As to fictional portrayals of Lucile. Yes, there are several. She was the inspiration for key characters in Edna Ferber's "Fanny Herself" (1917) and "Gowns by Roberta" (1933) by Alice Duer Miller. The latter was made into a Broadway musical in which Bob Hope made his debut. "Roberta" is best remembered in its film version, starring Fred Astaire and Ginger Rogers. It launched the classic song "Smoke Gets in Your Eyes."

Lucile was also used as a composite character in several Barbara Cartland novels. Cartland had been dressed by Lucile as a deb and remembered her as "a spiffing old girl." One of the funniest and fondest interviews I did for my projected book was with that great lady in all her vivacious eccentricity. She was 97 when I met her, a year before her death, and so was understandably dotty. She couldn't remember details of her frocks (again who can blame her after 80 years!?!) but she was full of wicked, gossipy chatter. Tea with her was truly an event on Edwardian scale and listening to her dish the dirt on the Royals - well, I wish I had had my tape recorder! I was only disappointed that she was dressed in turquoise instead of her everlasting pink!

Thought I'd put in another recommendation for Beryl Bainbridge's Every Man for Himself. Bob's comment regarding the book not being about Titanic per se, even though set on Titanic, is spot on. I collect Titanic fiction and it's still my firm favourite. However, if this were a 'desert island' fiction situation, it would be Bainbridge's novel on Scott's last expedition (The Birthday Boys) that would be marooned with me.

Michail has mentioned another favourite: Erik Fosnes Hansen's Psalm at Journey's End, the personal journeys of an imagined band rather than the real Wallace Hartley and colleagues. Lately I've enjoyed Joan Clark's Latitudes of Melt, the story of a woman growing up and growing old in Newfoundland. The story starts with a baby girl found on an ice floe by Newfoundland fishermen, and each stage of the novel there on has a particular Titanic reference point - the rediscovery of Aurora's lost family connections, then her children's gravitation to Titanic through oral history and engineering (including a trip in a submersible). Not so much Titanic fiction as fiction with Titanic connections. In contrast, maritime novelist Alexander Fullerton's recent Wave Cry, about the bereaved Titanic survivor Eileen Maguire's intended revenge on JB Ismay was an unexpected disappointment (even though it provides one of the most interesting and sympathetic treatments of Ismay I've read in fiction).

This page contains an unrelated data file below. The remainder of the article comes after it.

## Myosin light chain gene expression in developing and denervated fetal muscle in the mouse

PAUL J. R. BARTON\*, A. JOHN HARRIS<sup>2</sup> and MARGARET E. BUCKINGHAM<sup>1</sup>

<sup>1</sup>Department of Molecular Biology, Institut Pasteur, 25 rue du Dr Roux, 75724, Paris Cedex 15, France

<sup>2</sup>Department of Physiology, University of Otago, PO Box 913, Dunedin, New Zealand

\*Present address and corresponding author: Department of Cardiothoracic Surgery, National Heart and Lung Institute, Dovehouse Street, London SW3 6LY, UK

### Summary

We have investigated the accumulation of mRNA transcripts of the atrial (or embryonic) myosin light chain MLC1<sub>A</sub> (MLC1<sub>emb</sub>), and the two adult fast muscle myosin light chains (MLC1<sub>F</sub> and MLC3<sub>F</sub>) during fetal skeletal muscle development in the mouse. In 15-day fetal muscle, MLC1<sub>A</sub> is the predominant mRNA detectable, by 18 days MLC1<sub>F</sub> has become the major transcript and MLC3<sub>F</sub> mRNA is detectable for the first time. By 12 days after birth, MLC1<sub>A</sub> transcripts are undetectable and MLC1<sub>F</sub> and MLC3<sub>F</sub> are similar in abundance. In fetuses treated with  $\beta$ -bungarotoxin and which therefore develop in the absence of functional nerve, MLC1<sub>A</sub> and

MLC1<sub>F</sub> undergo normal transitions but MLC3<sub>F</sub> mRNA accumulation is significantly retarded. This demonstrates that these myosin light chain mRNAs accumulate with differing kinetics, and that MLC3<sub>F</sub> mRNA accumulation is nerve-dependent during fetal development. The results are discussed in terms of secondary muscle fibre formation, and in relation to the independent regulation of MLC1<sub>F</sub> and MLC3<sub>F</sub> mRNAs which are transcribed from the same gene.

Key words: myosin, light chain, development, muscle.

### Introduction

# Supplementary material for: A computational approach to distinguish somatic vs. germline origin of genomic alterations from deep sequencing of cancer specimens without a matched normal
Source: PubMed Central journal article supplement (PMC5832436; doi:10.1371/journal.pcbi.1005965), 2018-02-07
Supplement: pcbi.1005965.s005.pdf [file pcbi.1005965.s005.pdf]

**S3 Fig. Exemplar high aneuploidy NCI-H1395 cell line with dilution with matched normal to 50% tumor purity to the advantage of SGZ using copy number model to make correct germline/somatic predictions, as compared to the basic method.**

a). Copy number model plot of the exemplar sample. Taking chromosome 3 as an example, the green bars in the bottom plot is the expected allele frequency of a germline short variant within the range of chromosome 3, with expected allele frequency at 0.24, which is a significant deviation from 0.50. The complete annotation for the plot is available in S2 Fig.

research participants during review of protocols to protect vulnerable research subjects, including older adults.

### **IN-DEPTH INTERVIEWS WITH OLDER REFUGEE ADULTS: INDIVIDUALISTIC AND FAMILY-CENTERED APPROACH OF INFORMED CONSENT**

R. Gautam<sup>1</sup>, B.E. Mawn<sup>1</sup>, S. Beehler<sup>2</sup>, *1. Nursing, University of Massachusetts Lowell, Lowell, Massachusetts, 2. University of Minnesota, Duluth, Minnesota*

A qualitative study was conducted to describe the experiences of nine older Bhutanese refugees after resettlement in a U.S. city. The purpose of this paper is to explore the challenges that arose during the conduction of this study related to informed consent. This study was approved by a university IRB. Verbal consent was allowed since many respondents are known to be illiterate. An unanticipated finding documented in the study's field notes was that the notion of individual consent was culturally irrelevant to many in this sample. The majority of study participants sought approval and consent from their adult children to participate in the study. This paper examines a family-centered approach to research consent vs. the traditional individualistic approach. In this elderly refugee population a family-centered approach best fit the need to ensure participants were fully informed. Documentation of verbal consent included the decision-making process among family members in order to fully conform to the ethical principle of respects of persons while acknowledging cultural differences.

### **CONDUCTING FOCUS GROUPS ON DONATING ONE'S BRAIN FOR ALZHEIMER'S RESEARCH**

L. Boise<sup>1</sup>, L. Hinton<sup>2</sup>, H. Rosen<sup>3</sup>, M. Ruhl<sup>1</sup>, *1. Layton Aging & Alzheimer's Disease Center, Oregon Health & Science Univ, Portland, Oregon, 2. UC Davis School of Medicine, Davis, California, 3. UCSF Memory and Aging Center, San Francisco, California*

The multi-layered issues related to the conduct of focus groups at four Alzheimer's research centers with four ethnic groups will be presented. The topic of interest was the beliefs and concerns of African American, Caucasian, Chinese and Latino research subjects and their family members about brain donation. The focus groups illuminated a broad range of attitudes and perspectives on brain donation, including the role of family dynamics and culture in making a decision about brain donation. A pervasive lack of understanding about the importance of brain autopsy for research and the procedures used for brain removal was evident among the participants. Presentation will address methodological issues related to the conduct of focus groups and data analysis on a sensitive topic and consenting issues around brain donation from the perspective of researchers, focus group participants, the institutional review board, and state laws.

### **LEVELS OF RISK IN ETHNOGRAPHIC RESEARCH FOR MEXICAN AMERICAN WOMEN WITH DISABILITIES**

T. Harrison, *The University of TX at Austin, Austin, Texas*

Cussler's book is a hoot, but not really a favourite. I think it an OTT ripping yarn even within its genre and more of a cold war curio than anything else. There are elements that I find off putting, but it's hard not to regard it with some affection - a view borne out by the responses to the Titanic fiction survey I ran elsewhere a while back. Thinking of hoots of reads, there's not much comedy involving Titanic, or at least not intentional comedy. Senan Molony's A Garbled Titantic, a Goon-esque break neck run through Titanic's story (shades of 1066 and All That or The Ascent of Rum Doodle) is the notable exception. Although, as I've written before, readers who are easily offended will not be disappointed.

Randy's post mentioning Barbara Cartland has stirred another thought: amongst her hundreds of romances, surely there must be a mention of Titanic? As well as Titanic fiction, I also collect references to Titanic in fiction.

(For one of the previous discussions of 'best' rather than 'worst' Titanic fiction, anyone interested could also check out Best Titanic Fiction.)
Glad Fiona has mentioned Molony's work. I have read only excerpts e-mailed from friends but it was hilarious. I was given "Psalm at Journey's End," too, but have not read it. So I will now that I see it is a "Fi fave!"

As to whether any of Barbara Cartland's books mention Titanic. That is a good question. I have collected many that are set in the early 1900s and have not found any reference to the Big T but I, too, imagine there must be one.


Andrew E. MacAskill

Barbara Cartland is a romance novelist, no? If you're looking for a romance novel in which the Titanic figures, look for Danielle Steele's No Greater Love. I haven't read it yet--or any romance novel, for that matter--but one day I will.
Andrew, I haven't read it either but bear in mind that 'No Greater Love' has been nominated for a 'Falling Funnel' award as worst ever Titanic fiction (presumably by someone who HAS read it)!